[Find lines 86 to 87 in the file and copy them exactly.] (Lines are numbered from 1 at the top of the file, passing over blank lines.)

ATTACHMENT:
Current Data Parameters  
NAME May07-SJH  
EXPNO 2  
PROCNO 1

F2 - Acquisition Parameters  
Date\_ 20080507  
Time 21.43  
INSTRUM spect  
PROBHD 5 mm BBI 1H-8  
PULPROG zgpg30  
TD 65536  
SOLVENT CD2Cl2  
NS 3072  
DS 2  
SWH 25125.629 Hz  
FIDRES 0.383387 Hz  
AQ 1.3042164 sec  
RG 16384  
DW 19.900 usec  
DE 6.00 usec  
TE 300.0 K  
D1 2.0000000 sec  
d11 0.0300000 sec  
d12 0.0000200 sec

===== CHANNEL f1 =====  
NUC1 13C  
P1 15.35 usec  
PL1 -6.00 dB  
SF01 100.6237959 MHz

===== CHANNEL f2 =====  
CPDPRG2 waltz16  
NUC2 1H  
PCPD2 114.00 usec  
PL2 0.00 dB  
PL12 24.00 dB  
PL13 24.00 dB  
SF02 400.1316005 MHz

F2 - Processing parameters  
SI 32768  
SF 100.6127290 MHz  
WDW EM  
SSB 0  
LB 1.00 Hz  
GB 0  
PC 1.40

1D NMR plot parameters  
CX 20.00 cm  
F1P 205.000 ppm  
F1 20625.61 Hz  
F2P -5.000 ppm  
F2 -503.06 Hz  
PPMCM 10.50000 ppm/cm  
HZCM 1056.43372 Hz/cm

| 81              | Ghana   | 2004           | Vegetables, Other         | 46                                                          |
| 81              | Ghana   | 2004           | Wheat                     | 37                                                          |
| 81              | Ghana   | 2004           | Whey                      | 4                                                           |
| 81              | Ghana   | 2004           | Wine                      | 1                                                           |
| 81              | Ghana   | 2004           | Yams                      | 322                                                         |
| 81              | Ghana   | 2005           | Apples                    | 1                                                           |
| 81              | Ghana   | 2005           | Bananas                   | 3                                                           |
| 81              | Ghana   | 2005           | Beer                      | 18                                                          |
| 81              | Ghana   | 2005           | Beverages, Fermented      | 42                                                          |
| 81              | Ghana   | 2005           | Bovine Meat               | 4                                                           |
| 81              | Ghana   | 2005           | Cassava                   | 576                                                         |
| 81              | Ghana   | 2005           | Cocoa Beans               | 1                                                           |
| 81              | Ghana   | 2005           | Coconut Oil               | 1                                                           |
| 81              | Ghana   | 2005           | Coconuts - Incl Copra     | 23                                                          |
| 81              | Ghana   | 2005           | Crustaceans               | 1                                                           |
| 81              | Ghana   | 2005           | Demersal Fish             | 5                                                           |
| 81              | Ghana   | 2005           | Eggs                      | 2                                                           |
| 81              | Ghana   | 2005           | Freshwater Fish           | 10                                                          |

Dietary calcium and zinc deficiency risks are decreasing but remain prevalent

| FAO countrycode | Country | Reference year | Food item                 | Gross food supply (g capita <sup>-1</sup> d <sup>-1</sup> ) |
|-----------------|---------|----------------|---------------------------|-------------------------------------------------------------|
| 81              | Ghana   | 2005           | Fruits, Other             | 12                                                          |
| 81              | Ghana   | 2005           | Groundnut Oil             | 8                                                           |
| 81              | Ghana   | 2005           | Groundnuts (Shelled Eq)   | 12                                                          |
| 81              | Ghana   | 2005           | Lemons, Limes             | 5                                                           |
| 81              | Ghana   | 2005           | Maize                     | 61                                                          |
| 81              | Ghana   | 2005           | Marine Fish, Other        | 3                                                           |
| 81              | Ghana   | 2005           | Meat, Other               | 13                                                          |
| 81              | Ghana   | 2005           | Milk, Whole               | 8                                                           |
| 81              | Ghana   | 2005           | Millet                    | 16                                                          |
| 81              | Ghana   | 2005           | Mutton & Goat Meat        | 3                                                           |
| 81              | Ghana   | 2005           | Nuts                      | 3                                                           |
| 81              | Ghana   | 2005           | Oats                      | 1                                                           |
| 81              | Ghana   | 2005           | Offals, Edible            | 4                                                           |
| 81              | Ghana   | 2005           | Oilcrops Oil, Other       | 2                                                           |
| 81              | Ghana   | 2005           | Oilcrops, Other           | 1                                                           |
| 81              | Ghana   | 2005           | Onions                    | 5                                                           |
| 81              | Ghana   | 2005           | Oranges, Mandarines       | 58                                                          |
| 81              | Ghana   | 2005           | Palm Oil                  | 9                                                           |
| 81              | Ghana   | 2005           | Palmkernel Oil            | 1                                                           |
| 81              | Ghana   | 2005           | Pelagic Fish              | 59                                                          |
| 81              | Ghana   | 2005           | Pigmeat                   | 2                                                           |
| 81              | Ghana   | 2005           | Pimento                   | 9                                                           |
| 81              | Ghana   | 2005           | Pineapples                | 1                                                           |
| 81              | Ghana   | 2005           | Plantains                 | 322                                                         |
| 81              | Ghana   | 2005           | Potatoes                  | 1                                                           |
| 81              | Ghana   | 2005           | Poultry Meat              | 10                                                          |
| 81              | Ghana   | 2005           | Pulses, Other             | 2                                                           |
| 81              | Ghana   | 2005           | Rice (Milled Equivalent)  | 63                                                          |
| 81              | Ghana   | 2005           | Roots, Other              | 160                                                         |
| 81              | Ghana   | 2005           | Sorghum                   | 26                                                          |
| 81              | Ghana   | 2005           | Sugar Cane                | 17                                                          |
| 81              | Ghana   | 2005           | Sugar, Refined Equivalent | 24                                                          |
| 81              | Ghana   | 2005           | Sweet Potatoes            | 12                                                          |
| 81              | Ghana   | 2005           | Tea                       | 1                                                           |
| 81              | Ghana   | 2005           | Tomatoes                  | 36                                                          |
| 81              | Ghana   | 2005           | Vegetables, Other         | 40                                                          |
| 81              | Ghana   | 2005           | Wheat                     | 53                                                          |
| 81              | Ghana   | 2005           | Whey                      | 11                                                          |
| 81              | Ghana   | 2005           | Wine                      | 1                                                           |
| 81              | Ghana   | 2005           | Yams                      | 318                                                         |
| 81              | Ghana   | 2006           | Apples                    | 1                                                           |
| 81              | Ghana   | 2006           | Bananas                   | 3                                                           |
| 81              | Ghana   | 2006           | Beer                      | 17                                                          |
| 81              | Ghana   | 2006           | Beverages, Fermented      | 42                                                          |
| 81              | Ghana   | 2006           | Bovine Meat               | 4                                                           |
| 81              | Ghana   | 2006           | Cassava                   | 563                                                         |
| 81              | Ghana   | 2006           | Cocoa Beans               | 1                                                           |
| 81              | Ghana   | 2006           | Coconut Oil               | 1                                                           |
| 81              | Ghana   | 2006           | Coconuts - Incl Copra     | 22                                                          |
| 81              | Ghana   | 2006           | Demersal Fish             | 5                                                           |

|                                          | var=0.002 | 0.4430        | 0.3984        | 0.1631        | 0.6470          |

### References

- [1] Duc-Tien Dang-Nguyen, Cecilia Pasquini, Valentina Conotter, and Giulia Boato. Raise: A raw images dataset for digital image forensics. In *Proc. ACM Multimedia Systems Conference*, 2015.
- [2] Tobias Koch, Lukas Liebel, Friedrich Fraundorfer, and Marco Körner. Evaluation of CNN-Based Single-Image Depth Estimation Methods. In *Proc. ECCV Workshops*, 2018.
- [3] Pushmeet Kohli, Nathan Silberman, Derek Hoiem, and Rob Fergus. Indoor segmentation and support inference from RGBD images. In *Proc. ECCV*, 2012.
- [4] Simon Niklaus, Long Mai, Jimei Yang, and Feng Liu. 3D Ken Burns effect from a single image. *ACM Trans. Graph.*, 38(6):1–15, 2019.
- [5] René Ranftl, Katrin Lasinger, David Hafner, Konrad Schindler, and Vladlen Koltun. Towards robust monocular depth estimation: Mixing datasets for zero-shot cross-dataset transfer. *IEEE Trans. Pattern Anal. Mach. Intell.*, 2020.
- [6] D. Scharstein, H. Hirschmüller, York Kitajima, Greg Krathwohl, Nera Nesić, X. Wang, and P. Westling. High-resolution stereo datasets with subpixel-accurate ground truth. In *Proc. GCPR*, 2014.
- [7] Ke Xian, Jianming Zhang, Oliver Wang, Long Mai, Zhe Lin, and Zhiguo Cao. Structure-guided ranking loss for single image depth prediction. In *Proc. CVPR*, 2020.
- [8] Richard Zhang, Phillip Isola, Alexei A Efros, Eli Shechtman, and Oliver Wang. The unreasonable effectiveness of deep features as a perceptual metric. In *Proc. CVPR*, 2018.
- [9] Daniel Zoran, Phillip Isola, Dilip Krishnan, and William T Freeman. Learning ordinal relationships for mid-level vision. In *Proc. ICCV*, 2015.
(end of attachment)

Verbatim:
| 81              | Ghana   | 2005           | Oats                      | 1                                                           |
| 81              | Ghana   | 2005           | Offals, Edible            | 4                                                           |